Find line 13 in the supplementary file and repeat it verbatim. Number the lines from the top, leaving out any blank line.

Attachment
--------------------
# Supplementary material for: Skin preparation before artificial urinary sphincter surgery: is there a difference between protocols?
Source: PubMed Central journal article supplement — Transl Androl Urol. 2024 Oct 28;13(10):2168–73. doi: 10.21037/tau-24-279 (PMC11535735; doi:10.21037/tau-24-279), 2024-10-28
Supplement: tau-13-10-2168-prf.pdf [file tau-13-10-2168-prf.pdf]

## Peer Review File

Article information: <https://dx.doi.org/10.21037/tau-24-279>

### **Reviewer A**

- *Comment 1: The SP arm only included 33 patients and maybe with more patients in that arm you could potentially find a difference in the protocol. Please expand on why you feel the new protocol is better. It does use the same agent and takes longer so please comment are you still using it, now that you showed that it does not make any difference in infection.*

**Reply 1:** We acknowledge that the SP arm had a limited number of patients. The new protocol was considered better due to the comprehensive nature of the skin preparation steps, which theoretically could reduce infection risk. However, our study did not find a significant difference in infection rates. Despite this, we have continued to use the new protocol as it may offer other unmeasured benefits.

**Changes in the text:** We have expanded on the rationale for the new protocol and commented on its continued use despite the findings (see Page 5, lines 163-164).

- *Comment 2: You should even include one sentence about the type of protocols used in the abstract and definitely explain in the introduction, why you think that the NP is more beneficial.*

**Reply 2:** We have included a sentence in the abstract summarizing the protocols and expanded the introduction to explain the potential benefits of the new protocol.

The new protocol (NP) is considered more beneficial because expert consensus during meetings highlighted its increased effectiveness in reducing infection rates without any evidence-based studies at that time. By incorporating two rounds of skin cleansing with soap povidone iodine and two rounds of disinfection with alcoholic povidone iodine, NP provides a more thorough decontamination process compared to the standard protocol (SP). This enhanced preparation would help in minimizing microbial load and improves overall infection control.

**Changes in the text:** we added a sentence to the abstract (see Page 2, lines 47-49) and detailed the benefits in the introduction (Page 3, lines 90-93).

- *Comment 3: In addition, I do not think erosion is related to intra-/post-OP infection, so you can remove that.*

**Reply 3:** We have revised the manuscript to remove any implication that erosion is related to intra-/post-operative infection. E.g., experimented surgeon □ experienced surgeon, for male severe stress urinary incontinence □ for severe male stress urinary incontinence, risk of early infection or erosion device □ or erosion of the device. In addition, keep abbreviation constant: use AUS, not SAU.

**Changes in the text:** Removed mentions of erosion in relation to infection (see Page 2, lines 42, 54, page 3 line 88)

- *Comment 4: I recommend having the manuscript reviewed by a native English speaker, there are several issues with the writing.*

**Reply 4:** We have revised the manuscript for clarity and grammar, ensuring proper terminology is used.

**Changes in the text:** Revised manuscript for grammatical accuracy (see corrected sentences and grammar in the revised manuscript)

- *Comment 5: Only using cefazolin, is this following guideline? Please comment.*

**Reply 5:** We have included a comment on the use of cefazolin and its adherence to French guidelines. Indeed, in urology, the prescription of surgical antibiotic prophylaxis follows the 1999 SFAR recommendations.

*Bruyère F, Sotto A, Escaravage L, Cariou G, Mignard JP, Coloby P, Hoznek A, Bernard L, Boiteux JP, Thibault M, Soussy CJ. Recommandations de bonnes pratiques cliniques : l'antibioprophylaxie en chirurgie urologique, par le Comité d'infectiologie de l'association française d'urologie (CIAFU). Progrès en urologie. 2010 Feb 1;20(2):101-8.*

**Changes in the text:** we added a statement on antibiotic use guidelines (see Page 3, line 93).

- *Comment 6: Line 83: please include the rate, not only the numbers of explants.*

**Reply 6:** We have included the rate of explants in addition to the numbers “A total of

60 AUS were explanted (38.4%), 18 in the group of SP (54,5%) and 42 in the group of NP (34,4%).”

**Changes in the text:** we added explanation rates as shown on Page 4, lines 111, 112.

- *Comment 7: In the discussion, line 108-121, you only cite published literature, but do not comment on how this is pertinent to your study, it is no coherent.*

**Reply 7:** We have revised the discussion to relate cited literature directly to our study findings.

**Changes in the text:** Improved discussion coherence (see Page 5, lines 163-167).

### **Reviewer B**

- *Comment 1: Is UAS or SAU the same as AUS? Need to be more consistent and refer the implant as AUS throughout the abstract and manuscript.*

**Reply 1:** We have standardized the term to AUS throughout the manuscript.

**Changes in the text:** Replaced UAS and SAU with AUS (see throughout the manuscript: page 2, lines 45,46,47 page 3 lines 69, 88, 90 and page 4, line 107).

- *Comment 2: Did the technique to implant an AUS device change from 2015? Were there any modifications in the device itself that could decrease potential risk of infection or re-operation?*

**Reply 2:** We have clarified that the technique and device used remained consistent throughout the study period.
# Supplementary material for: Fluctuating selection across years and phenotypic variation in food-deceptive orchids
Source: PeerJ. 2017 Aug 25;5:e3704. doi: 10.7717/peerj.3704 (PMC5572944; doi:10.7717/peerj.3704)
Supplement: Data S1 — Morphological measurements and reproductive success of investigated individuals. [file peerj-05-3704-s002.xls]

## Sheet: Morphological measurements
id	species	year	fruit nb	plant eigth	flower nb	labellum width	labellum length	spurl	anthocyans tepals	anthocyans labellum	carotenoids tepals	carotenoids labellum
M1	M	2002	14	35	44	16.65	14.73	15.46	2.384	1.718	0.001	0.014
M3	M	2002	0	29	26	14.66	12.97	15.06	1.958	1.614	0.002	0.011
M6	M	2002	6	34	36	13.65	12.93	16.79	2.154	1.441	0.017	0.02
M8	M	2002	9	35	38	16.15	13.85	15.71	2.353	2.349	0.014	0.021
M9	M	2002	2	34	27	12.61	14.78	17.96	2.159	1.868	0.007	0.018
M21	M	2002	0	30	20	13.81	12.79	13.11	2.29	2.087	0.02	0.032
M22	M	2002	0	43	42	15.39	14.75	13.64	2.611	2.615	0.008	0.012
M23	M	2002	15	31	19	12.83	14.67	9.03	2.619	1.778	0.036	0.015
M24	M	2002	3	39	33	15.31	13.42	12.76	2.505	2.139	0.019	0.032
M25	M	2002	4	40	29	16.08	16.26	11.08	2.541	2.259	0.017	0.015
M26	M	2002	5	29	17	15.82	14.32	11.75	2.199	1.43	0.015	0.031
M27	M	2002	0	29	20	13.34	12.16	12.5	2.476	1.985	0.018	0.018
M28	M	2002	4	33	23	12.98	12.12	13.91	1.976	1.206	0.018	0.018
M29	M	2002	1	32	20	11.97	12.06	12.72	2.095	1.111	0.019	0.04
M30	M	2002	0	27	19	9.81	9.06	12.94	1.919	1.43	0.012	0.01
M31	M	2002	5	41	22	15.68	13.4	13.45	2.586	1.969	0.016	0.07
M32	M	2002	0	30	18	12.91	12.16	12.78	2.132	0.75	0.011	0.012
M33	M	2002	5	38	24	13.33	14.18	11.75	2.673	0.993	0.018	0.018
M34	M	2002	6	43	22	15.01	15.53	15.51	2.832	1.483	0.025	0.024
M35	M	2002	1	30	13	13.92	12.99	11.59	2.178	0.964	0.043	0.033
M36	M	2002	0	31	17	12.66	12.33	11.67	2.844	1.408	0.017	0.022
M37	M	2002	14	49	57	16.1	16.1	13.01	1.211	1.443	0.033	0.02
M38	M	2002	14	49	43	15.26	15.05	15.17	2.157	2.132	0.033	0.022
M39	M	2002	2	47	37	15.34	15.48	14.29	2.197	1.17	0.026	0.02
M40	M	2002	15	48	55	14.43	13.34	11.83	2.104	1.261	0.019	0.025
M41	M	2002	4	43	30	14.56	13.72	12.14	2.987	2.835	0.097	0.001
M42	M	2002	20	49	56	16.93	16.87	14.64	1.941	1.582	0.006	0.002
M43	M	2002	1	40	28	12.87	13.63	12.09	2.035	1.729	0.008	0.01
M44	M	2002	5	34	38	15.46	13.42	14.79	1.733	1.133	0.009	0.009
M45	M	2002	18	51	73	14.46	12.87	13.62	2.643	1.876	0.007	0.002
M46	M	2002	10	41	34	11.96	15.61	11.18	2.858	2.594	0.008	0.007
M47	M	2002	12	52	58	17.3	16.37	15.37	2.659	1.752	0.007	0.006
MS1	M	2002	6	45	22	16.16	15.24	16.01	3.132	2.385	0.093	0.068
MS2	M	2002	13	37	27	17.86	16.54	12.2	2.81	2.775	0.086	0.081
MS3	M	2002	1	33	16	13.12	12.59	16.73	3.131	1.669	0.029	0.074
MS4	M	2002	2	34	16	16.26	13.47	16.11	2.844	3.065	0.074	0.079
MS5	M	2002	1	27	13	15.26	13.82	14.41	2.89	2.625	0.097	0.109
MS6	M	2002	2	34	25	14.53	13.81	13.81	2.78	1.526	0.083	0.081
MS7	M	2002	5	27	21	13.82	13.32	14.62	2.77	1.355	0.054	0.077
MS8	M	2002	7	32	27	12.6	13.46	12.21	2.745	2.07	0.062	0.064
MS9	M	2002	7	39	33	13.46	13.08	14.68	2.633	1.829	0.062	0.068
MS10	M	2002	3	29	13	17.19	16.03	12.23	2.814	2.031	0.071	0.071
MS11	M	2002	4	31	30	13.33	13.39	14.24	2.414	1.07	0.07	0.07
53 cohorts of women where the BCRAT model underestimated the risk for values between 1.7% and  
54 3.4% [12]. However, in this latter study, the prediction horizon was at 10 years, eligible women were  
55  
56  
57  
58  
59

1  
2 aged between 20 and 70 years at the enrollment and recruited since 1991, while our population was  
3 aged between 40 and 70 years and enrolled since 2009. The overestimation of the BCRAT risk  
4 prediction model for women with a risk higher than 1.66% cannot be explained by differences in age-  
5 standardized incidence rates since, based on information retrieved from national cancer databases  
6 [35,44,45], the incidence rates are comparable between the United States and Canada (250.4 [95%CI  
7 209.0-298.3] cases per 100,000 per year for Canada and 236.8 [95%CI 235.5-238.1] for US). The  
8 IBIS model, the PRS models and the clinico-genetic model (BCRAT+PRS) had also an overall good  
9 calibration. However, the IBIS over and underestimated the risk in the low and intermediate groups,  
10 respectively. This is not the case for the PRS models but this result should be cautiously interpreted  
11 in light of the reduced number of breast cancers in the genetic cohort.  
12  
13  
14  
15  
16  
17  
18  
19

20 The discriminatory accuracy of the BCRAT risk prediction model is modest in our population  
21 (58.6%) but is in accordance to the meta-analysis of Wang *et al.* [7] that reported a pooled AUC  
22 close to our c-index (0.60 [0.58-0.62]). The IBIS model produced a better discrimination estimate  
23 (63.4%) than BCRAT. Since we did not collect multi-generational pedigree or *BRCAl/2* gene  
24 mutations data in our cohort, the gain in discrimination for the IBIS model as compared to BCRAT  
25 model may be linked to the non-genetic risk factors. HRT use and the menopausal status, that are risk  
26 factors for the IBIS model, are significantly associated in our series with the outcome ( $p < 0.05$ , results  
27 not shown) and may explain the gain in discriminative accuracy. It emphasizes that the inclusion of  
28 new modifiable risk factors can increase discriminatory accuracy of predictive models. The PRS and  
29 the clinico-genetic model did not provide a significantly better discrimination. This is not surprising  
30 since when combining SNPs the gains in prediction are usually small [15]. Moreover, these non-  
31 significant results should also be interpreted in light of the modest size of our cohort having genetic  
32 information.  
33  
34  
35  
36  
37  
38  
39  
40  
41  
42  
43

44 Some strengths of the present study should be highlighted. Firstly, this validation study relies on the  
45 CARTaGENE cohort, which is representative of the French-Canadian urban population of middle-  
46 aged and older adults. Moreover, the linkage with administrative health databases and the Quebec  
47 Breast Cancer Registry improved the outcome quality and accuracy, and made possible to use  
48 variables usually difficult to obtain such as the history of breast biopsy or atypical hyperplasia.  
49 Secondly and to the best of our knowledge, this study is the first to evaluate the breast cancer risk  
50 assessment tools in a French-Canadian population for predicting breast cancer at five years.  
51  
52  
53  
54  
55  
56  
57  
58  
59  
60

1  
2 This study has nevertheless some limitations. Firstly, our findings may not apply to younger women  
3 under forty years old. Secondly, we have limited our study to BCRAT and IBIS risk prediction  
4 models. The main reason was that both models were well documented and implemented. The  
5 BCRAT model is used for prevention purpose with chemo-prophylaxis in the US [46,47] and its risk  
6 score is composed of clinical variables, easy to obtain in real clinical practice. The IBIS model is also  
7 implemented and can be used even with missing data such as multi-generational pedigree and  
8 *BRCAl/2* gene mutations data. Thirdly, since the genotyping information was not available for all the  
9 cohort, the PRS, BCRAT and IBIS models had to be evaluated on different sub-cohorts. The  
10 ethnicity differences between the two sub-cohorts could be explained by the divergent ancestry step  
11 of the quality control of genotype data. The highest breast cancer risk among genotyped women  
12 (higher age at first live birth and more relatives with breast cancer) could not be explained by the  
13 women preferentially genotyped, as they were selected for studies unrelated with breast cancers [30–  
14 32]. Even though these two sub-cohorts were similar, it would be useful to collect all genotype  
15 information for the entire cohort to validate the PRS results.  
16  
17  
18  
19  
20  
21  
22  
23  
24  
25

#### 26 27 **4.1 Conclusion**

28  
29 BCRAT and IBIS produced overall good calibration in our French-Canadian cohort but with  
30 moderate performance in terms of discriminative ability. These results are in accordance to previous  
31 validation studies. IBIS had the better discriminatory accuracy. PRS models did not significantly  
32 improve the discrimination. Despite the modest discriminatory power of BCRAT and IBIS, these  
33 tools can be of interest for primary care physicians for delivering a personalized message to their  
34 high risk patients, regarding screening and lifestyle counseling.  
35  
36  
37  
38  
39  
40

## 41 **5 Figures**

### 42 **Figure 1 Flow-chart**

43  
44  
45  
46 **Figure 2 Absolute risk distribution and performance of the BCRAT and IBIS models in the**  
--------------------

**Changes in the text:** we added a sentence to the abstract (see Page 2, lines 47-49) and detailed the benefits in the introduction (Page 3, lines 90-93).